Media and mysticism: The Curious Case of Tahir-ul-Qadri
Tahir-ul-Qadri (Source: World Economic Forum CC-by-2.0)
by Jonas Atlas
“The Pakistani Tahir-ul-Qadri (who resides in Canada these days) gladly presents himself as a great Sufi scholar. In that capacity, his hundreds of books are eagerly read by his thousands of followers from the (higher) middle classes of Pakistan. In 2010 he was abundantly praised by the international community when he published a more than six hundred page fatwa that denounced Islamic terrorism as inconsistent with the teachings of Islam. He was elaborately interviewed by news channels such as CNN, magazines such Foreign Policy Magazine and programs such as Al Jazeera’s ‘Frost over the World’. In my own language region (i.e. Flanders) an interview of several pages was published in the Knack, one of the more intellectual weekly’s. In 2015 similar news items surfaced when ul-Qadri launched an ‘anti-extremism’ syllabus for clerics, imams and teachers. He was planning to use it for courses in the UK and, soon afterwards, in other countries. This as well received very positive coverage from international media channels such as Reuters and the BBC.
It certainly fits the image. A mystic that strongly opposes violence and tries to counterbalance radicalization and terrorism with his moderate spirituality, is quickly applauded. Strangely enough, however, it seems very difficult for editorial offices to link up certain news items about this particular man, which might breach the image somewhat. Yet, in 2013 and 2014 Tahir-ul-Qadri was one of the protagonists in several long periods of political and social unrest in Pakistan. In an orchestrated attempt to ignite some sort of Arabic Spring in Pakistan, he twice called for massive revolution and together with tens of thousands of protesters (though far less than the one million he had hoped for) he marched towards the capital. He denounced political corruption and demanded the resignation of the prime minister — every time with little results and much shadowy politics.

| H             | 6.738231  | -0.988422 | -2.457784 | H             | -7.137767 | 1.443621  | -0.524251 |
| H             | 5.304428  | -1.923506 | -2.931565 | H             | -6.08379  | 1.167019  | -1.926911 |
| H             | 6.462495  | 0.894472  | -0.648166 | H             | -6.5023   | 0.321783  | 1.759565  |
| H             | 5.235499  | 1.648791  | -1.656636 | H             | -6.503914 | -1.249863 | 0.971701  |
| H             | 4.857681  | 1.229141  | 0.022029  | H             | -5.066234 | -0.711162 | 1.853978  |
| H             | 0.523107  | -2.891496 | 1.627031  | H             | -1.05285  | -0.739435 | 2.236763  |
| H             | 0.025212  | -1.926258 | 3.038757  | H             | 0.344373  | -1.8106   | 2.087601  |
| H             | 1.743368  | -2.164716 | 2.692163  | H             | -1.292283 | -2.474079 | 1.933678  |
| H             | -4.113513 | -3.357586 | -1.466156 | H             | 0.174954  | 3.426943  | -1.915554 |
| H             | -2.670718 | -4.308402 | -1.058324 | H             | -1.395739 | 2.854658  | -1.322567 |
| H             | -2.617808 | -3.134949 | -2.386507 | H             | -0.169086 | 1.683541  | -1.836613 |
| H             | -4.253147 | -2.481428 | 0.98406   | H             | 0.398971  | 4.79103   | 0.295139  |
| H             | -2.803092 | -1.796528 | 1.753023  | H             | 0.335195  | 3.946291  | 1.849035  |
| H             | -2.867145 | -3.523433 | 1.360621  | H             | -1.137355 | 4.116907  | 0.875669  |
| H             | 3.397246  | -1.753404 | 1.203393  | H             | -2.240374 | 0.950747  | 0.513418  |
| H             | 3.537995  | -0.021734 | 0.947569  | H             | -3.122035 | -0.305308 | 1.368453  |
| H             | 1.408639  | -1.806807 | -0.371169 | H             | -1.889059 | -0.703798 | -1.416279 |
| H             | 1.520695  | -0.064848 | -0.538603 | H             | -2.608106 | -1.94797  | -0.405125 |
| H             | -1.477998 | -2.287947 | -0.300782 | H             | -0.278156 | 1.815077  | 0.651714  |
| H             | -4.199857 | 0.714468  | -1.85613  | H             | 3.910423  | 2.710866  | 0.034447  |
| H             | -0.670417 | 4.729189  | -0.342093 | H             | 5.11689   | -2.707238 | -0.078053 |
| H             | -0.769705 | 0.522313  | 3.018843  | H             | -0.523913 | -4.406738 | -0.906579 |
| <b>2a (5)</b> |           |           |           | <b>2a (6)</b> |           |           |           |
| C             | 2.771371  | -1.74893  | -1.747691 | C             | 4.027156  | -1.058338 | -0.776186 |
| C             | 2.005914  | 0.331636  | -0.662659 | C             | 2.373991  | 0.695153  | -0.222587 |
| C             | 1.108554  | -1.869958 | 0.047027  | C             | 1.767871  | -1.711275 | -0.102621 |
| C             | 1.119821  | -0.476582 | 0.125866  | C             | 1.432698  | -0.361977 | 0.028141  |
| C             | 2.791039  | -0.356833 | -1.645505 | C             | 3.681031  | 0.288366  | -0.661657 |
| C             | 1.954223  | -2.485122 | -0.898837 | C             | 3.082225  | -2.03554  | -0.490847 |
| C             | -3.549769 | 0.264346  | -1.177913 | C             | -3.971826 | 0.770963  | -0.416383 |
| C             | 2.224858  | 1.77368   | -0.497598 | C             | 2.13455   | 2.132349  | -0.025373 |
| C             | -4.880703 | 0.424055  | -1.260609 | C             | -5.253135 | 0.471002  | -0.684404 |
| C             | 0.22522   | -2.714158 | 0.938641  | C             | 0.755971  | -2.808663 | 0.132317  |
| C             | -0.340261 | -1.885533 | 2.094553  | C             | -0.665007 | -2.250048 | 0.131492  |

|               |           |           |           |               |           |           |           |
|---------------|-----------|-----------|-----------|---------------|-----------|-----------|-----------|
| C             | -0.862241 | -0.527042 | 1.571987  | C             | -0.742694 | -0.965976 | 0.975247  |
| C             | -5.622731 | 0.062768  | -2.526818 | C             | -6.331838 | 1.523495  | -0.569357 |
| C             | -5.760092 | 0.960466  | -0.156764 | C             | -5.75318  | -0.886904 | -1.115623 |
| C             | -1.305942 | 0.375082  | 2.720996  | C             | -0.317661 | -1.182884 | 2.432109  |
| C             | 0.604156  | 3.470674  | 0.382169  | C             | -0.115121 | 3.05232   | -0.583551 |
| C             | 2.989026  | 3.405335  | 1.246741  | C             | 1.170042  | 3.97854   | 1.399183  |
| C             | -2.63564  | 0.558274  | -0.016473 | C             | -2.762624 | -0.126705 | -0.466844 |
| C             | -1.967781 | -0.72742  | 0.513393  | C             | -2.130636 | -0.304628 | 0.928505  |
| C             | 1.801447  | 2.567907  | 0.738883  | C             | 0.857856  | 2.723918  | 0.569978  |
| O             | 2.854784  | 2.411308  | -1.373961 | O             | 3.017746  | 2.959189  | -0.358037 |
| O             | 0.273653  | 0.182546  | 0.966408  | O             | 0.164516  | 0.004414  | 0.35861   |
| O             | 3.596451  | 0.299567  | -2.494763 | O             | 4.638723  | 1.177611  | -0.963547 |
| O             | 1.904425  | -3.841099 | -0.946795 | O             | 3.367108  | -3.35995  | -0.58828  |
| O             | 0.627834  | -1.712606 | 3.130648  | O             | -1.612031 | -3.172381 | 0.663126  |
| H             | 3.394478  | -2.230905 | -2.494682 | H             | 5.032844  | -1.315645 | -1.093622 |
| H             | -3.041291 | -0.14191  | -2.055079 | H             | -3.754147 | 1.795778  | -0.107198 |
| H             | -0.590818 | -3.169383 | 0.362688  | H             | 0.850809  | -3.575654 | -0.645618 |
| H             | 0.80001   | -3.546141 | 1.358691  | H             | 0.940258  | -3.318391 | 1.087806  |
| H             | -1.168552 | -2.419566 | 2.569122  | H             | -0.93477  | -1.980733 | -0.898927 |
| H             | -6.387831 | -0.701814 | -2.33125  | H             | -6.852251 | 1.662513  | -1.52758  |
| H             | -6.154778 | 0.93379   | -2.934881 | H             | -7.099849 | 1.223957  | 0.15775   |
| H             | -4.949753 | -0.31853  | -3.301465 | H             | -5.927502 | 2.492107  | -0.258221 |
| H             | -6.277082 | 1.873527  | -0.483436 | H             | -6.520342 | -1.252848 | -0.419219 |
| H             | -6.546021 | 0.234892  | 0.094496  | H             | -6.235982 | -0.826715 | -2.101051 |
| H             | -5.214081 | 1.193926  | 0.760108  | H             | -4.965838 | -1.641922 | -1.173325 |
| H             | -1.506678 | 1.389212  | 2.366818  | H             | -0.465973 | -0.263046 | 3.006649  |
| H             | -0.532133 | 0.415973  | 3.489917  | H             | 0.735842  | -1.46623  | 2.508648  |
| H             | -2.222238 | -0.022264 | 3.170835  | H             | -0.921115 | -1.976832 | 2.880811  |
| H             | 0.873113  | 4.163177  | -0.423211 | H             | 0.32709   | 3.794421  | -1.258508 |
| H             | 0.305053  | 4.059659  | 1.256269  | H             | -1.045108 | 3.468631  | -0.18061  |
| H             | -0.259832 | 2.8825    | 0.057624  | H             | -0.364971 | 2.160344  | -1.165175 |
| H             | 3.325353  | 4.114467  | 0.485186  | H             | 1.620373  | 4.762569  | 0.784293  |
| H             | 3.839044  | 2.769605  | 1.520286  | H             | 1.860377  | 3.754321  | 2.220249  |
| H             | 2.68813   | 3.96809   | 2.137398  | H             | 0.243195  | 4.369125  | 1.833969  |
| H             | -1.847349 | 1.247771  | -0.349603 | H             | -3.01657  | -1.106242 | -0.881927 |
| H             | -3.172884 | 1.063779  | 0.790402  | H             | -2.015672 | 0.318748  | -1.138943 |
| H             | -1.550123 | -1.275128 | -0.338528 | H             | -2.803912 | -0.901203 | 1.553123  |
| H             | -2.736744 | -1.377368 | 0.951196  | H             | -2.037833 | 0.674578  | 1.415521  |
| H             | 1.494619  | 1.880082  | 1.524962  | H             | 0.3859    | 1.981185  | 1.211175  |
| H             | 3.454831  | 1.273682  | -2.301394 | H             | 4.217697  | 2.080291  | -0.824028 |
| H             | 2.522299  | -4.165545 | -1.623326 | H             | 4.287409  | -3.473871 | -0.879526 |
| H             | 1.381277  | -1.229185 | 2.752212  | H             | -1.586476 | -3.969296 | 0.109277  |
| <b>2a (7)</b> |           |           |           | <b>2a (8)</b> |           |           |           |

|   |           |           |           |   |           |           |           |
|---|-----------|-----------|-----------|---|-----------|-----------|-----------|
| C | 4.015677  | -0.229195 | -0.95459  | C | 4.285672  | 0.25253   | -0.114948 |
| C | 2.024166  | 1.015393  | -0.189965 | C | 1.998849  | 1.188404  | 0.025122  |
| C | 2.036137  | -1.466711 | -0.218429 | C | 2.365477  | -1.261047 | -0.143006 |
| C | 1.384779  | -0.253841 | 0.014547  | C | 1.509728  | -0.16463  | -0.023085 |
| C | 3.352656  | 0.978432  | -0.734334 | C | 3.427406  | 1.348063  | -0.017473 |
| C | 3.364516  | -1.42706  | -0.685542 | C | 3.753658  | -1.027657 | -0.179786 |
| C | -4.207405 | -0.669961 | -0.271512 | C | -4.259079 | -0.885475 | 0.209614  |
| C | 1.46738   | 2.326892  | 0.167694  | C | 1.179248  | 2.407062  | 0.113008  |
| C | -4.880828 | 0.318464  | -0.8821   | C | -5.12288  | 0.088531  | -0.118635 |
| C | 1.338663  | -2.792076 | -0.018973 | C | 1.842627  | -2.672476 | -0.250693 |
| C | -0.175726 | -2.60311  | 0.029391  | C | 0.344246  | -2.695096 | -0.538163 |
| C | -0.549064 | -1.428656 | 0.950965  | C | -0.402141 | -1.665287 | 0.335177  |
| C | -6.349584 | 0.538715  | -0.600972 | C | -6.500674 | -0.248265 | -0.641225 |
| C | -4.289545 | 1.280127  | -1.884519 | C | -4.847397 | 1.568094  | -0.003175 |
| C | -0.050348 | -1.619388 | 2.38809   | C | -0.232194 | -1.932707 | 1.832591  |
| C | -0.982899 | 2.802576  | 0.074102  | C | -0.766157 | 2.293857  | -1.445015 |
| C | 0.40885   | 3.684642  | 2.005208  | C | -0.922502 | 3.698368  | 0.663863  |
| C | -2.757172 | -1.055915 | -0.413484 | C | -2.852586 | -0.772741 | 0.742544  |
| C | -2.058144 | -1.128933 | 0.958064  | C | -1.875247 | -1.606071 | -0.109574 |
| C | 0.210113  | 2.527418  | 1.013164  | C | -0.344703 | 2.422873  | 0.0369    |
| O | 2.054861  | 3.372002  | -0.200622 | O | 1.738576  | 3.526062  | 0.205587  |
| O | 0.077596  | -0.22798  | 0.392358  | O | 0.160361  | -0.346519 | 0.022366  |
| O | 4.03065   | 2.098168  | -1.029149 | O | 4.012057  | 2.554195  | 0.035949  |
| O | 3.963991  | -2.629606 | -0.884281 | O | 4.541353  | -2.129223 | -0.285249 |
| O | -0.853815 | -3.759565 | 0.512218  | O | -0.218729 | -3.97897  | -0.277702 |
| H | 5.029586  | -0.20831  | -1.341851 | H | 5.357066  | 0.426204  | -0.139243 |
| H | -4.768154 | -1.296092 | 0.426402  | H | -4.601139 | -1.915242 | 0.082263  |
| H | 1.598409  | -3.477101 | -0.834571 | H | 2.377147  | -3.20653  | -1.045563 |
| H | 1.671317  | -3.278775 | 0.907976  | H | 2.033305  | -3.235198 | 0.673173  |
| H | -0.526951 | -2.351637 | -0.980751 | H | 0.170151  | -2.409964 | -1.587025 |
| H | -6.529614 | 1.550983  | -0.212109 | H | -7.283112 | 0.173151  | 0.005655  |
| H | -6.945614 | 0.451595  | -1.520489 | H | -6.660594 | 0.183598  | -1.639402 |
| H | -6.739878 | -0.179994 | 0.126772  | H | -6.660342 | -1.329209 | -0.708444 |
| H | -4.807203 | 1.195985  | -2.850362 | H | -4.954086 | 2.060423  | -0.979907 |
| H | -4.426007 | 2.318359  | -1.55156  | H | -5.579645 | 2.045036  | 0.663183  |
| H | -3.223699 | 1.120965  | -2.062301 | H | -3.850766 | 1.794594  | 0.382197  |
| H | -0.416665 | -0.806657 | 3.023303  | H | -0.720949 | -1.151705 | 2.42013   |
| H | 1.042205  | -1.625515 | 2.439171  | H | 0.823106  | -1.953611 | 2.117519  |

Those who are the slightest bit familiar with the religious groups of Pakistan thus know that behind the social, religious, educational and political Minhaj-ul-Quran movement hides a very well structured organization. It isn’t always clear where the organization gets its funds but it’s public knowledge that it maintains good relationships with both the military and certain parts of the political establishment in Pakistan. In this respect it shouldn’t surprise that he had founded his own political party before (the Pakistan Awami Tehreek) and that during his attempts of starting a revolution in 2013 and 2014, he joined forces with other political protagonists and well known party leaders”
Mother of all the dream of Tahirul Qadri